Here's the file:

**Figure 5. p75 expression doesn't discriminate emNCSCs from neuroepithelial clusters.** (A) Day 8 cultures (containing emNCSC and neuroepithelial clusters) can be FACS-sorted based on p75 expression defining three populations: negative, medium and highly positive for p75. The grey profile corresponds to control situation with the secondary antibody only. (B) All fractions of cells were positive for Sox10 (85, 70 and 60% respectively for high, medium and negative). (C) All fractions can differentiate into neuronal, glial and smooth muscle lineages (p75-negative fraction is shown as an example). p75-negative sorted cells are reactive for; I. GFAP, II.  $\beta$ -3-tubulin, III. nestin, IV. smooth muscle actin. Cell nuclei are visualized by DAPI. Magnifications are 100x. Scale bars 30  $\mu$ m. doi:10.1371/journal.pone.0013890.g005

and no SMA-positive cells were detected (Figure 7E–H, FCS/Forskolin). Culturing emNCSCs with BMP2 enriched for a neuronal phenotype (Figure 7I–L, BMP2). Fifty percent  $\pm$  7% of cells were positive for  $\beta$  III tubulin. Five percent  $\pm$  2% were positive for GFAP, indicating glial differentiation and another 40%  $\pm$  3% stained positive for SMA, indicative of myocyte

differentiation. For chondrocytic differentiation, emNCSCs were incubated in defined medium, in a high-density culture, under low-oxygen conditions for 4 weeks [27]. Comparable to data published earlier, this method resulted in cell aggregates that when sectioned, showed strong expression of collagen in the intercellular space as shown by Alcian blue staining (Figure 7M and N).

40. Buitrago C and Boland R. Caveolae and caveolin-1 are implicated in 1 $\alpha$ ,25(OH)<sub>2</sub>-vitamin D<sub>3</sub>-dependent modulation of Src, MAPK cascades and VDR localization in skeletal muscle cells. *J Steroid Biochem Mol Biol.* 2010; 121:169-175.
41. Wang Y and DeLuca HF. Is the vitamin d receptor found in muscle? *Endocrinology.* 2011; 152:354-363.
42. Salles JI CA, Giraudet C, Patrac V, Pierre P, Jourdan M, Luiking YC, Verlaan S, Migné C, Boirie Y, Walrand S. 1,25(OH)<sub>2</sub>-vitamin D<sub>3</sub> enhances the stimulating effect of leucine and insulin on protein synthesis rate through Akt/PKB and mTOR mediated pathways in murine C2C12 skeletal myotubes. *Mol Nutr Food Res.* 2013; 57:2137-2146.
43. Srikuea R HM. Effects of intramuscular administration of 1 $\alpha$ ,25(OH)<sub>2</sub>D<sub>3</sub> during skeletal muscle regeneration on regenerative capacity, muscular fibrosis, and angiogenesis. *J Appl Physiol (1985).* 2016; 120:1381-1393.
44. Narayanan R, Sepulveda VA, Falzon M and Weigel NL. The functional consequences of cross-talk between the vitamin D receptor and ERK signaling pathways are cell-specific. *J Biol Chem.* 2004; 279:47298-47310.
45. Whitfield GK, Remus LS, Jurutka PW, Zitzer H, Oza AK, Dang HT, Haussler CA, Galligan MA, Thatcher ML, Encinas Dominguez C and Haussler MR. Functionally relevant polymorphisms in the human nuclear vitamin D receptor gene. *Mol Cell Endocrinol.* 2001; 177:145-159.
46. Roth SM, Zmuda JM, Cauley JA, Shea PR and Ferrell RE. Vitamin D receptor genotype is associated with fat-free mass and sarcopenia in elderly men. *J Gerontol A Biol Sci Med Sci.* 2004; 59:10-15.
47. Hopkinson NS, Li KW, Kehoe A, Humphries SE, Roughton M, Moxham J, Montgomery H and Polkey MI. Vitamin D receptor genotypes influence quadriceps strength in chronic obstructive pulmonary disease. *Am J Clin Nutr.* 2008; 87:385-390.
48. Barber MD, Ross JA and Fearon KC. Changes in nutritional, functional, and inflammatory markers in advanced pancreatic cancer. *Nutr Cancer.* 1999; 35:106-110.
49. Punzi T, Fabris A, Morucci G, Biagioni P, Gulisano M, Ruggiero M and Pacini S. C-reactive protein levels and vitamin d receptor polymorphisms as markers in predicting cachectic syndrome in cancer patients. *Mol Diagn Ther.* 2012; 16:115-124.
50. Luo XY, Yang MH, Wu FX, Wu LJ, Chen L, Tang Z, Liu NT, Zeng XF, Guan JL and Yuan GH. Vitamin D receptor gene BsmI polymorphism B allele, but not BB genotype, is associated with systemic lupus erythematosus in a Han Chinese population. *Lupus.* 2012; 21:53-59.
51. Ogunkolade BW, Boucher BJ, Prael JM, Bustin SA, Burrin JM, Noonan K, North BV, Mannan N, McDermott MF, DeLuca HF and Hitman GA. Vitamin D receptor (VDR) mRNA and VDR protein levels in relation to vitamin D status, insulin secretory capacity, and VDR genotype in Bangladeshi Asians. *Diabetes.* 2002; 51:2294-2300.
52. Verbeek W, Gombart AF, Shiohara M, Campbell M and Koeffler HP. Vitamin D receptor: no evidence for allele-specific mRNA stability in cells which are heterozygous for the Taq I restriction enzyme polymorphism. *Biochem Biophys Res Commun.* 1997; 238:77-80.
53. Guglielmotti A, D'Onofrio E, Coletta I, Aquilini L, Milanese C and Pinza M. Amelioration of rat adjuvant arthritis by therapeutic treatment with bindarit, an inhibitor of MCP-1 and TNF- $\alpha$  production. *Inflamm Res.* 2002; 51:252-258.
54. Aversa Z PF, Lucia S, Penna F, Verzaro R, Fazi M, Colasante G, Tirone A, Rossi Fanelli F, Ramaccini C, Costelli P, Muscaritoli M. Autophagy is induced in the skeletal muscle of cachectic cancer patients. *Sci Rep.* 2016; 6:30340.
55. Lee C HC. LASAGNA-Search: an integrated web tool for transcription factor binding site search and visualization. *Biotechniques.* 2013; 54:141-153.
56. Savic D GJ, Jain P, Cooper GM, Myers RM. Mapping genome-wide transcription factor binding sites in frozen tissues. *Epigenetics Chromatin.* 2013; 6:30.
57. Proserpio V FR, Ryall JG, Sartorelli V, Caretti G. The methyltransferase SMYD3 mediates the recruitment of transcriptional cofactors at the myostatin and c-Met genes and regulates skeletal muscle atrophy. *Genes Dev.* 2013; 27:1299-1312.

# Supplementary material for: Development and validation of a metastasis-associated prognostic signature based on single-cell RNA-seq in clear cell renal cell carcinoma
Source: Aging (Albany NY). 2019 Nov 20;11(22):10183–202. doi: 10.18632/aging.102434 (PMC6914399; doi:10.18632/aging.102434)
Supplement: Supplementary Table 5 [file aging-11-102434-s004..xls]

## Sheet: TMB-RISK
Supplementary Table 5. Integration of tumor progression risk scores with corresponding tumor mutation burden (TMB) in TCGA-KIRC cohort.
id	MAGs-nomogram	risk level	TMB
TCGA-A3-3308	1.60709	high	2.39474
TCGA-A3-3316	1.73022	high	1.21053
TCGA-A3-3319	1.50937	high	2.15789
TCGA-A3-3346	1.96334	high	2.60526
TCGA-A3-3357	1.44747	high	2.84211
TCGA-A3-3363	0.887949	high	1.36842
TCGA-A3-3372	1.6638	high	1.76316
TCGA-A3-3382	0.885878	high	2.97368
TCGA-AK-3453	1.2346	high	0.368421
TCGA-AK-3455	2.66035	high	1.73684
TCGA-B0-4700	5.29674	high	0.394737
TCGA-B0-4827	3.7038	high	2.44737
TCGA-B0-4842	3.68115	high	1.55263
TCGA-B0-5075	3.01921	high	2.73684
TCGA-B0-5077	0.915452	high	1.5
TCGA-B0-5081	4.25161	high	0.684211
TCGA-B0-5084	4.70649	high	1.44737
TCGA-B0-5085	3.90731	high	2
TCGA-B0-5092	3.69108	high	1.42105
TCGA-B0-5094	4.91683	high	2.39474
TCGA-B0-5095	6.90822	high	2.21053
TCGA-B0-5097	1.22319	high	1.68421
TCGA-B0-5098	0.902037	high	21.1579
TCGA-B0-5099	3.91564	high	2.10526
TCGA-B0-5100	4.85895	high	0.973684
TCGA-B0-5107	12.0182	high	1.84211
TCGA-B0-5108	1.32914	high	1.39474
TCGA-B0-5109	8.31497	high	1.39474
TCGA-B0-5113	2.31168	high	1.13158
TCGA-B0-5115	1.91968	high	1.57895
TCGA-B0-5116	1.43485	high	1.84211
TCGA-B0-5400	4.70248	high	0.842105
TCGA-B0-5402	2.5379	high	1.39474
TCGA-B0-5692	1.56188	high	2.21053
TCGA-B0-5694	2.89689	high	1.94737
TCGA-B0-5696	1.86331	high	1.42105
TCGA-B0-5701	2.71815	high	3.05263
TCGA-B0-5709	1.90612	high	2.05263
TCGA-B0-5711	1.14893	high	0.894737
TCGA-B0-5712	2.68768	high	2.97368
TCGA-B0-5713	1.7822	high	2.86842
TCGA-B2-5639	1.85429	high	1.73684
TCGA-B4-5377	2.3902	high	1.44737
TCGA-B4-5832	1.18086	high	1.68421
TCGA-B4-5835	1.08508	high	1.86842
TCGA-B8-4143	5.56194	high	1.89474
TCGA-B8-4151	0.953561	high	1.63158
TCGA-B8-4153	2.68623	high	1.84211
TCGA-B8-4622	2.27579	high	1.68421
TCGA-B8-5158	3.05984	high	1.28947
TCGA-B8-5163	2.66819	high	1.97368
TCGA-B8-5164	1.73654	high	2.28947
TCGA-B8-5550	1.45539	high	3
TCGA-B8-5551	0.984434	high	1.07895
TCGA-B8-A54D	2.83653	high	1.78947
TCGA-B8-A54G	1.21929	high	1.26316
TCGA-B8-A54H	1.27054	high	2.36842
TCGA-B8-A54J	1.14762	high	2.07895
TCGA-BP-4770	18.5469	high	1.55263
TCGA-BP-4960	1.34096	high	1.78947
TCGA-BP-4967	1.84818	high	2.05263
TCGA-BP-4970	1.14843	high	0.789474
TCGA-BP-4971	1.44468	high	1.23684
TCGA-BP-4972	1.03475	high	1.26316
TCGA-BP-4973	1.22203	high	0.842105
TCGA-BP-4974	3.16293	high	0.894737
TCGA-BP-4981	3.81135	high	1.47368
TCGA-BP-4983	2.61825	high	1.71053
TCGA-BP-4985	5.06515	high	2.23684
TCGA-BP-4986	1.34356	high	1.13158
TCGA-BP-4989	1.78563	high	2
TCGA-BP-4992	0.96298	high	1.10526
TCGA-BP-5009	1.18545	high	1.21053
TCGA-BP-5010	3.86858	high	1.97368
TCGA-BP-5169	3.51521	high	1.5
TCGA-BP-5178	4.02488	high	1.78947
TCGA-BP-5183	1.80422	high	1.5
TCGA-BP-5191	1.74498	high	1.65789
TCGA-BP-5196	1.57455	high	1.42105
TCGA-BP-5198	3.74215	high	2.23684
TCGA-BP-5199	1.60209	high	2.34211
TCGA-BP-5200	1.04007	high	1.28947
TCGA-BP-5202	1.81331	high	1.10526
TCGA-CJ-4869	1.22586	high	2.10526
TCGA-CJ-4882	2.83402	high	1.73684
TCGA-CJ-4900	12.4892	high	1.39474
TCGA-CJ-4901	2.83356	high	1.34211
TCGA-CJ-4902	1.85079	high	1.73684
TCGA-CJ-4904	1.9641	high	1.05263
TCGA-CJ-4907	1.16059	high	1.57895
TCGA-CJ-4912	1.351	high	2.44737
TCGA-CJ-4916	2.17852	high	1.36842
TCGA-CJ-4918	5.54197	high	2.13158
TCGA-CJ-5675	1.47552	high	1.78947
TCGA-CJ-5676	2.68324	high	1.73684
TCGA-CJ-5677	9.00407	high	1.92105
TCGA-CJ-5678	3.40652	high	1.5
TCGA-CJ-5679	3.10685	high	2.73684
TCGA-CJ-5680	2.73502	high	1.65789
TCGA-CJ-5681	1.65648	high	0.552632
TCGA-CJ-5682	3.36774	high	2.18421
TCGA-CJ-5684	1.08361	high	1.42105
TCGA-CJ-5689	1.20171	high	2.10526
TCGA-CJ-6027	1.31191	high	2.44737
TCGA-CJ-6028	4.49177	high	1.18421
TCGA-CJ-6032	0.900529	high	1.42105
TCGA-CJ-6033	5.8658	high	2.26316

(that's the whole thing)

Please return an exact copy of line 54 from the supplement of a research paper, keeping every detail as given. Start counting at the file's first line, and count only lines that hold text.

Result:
TCGA-B0-5108	1.32914	high	1.39474